A new study has found that administrative health information can help address alcohol-related harm in young people. Binge drinking and alcohol abuse is a growing problem among young people in many countries.
A 2009 study showed that almost 60 percent of Canadians between the ages of 15 and 24 reported drinking alcohol in the previous month, with 22 percent reporting heavy drinking and 20 percent experiencing alcohol-related harm.
In Australia, 52 percent of serious traffic injuries and 32 percent of hospital admissions for those between the ages of 15 and 24 are related to alcohol abuse.
The authors of a new study, published in CMAJ (Canadian Medical Association Journal), suggests that routinely collected administrative data can help clinicians identify new trends and predictors of health outcomes for infectious and chronic diseases, as well as help assess substance abuse disorders and related harm. The authors note that the Australian Illicit Drug Reporting System and the National Household Surveys of Drug Use are good examples of useful systems.
Dr. Mark Asbridge of Dalhousie University, co-author of the study, said that it is important to choose measures of alcohol-related harm that are reliable across different jurisdictions, sensitive to change, and tailored to specific policy interventions.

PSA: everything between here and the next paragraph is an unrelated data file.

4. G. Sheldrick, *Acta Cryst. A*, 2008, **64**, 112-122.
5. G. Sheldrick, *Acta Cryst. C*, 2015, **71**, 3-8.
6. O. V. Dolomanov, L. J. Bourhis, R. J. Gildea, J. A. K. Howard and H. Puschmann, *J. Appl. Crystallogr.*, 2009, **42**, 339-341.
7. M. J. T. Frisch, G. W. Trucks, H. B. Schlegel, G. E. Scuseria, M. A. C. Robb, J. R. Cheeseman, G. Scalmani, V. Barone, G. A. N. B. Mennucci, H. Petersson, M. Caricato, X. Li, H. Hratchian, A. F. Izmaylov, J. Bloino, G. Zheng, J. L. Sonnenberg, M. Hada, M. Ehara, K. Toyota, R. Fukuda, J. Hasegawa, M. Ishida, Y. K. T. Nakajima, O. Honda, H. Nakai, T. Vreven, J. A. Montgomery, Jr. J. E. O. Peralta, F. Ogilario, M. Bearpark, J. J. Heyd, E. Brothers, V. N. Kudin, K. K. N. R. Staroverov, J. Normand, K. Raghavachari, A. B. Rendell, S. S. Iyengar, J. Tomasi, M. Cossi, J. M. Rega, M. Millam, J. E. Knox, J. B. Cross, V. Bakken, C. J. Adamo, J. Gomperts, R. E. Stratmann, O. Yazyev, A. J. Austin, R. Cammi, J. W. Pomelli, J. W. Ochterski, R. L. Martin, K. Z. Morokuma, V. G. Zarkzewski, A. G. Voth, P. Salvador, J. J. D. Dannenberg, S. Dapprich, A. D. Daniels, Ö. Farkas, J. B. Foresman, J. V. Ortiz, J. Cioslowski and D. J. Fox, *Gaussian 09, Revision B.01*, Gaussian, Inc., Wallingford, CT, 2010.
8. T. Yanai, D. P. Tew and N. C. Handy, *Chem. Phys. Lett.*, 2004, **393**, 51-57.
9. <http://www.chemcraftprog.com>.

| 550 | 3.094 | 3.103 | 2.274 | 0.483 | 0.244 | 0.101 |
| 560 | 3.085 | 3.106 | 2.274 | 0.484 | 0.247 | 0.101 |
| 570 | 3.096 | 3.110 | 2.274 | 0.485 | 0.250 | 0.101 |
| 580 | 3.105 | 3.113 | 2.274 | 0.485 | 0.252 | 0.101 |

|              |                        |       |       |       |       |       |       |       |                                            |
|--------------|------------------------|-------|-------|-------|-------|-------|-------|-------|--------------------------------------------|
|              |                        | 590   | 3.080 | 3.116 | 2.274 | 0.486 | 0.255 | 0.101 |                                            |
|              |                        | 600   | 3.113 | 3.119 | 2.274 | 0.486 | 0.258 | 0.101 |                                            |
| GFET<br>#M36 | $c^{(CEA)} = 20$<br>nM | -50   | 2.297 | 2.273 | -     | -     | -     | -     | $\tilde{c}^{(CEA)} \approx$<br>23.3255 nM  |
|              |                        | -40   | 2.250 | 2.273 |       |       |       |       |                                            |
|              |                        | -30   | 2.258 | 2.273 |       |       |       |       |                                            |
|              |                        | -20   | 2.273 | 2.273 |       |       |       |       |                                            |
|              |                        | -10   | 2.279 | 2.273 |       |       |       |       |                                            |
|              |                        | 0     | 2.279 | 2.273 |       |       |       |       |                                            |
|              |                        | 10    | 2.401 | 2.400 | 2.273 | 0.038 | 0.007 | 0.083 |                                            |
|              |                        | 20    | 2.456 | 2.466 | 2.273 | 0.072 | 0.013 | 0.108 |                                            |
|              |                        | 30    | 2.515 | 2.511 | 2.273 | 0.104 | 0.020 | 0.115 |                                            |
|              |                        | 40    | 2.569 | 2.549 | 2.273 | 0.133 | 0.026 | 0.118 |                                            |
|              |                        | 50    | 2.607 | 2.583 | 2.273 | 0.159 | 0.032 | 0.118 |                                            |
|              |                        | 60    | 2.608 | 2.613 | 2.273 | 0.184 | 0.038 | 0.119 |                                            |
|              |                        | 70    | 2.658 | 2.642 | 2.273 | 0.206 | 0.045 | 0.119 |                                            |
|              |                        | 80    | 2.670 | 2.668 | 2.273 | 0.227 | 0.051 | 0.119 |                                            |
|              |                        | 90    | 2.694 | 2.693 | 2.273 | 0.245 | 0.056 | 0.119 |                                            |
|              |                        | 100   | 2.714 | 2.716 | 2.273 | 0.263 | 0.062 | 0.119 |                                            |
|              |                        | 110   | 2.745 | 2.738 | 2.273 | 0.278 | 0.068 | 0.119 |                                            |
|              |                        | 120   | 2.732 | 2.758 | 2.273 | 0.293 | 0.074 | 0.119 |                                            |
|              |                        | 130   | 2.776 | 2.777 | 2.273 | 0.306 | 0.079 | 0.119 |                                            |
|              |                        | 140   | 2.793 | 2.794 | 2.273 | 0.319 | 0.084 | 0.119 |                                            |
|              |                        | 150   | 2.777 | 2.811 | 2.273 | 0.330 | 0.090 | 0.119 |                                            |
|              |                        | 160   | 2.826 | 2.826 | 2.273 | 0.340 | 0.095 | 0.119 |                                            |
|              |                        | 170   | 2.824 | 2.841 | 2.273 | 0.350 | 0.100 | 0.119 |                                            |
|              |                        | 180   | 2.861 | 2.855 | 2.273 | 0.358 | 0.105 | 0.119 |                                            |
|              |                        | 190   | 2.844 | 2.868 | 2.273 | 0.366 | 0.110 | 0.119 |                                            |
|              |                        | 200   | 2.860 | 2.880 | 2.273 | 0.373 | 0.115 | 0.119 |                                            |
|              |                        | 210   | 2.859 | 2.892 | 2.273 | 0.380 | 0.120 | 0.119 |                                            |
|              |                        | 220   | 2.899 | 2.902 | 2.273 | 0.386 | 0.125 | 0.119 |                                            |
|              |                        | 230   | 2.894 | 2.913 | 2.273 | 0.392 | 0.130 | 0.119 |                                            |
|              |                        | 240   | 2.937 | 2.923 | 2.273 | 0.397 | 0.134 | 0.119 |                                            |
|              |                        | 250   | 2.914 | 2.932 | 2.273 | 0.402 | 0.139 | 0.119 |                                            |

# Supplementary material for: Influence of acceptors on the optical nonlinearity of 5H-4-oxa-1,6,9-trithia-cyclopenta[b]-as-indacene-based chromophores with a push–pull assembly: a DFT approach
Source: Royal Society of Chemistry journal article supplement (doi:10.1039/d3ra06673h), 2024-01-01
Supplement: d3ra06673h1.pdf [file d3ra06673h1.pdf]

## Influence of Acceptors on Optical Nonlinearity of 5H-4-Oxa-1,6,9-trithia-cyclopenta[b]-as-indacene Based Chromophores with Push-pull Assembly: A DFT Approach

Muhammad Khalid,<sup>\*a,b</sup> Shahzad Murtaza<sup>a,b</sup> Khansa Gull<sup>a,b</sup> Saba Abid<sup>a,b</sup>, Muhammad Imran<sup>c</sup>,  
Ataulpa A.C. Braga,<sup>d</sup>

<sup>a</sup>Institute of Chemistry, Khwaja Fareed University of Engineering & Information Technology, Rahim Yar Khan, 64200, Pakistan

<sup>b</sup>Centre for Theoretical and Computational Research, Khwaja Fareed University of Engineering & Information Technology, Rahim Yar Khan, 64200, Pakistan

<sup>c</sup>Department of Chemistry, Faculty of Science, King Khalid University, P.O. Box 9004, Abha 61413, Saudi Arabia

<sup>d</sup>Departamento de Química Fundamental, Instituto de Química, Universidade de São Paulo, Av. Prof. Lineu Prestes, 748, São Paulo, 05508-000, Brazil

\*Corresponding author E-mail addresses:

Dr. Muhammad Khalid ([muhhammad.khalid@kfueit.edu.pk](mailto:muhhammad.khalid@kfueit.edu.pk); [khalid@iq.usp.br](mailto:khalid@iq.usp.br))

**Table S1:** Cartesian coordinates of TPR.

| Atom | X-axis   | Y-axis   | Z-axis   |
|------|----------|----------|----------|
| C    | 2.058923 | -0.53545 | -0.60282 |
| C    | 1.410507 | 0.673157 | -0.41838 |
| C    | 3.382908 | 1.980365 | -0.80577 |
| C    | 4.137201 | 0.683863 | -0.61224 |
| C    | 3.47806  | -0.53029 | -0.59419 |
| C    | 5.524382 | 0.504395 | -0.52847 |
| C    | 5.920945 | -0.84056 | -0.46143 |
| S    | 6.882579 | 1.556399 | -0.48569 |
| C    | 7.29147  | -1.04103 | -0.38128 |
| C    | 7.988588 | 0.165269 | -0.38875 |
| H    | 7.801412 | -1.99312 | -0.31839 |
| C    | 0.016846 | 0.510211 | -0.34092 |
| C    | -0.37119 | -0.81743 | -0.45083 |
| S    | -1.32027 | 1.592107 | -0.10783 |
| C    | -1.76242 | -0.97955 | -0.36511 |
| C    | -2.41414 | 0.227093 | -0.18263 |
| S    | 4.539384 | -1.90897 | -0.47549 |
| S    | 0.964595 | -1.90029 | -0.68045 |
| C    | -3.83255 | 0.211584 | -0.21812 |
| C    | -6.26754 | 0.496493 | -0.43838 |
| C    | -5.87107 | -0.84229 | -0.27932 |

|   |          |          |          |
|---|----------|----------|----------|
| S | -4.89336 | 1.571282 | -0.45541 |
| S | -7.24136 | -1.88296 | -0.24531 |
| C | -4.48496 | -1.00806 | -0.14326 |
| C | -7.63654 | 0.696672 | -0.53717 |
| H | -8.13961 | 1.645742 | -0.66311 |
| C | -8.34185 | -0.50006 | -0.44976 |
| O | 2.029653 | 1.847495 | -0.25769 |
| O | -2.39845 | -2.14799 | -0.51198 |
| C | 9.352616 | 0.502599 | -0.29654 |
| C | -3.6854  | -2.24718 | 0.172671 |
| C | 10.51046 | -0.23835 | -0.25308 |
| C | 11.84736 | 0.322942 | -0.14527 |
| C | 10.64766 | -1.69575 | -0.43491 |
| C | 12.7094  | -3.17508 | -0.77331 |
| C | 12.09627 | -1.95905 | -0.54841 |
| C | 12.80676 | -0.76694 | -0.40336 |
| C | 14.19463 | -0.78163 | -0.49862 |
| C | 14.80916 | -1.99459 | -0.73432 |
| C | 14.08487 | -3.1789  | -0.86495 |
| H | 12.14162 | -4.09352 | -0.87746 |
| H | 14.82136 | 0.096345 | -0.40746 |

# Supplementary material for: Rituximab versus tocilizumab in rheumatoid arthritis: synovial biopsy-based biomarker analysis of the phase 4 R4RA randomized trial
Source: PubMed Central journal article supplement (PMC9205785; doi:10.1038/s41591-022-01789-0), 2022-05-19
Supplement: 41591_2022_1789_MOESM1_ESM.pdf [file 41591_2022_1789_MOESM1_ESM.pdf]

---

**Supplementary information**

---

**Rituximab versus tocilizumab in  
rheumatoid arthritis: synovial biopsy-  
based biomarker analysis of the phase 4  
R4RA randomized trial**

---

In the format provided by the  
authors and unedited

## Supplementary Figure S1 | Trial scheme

Data such as hospital admissions and discharges, billing statements, and trauma registries can provide helpful information on alcohol-related conditions, the authors state. In Canada, provinces collect most of these data. The authors said that measures should be relevant to young people and their behavior versus measuring chronic diseases, which are apparent in the long-term.
Relevant measures include accidental alcohol-related injuries (such as traffic accidents, falls, and alcohol poisoning) and intentional injuries (such as self-inflicted harm or deliberate harm against or by another).
The authors suggested adapting a model for national surveillance of alcohol-related harm from the Public Health Agency of Canada’s work in diabetes and mental health. The researchers wrote that routine administrative data can contribute to the understanding of alcohol-related harm across jurisdictions and within target populations, such as young people. The authors believe this data will help improve the quality of information on alcohol-related harm, which could help prevent future harm.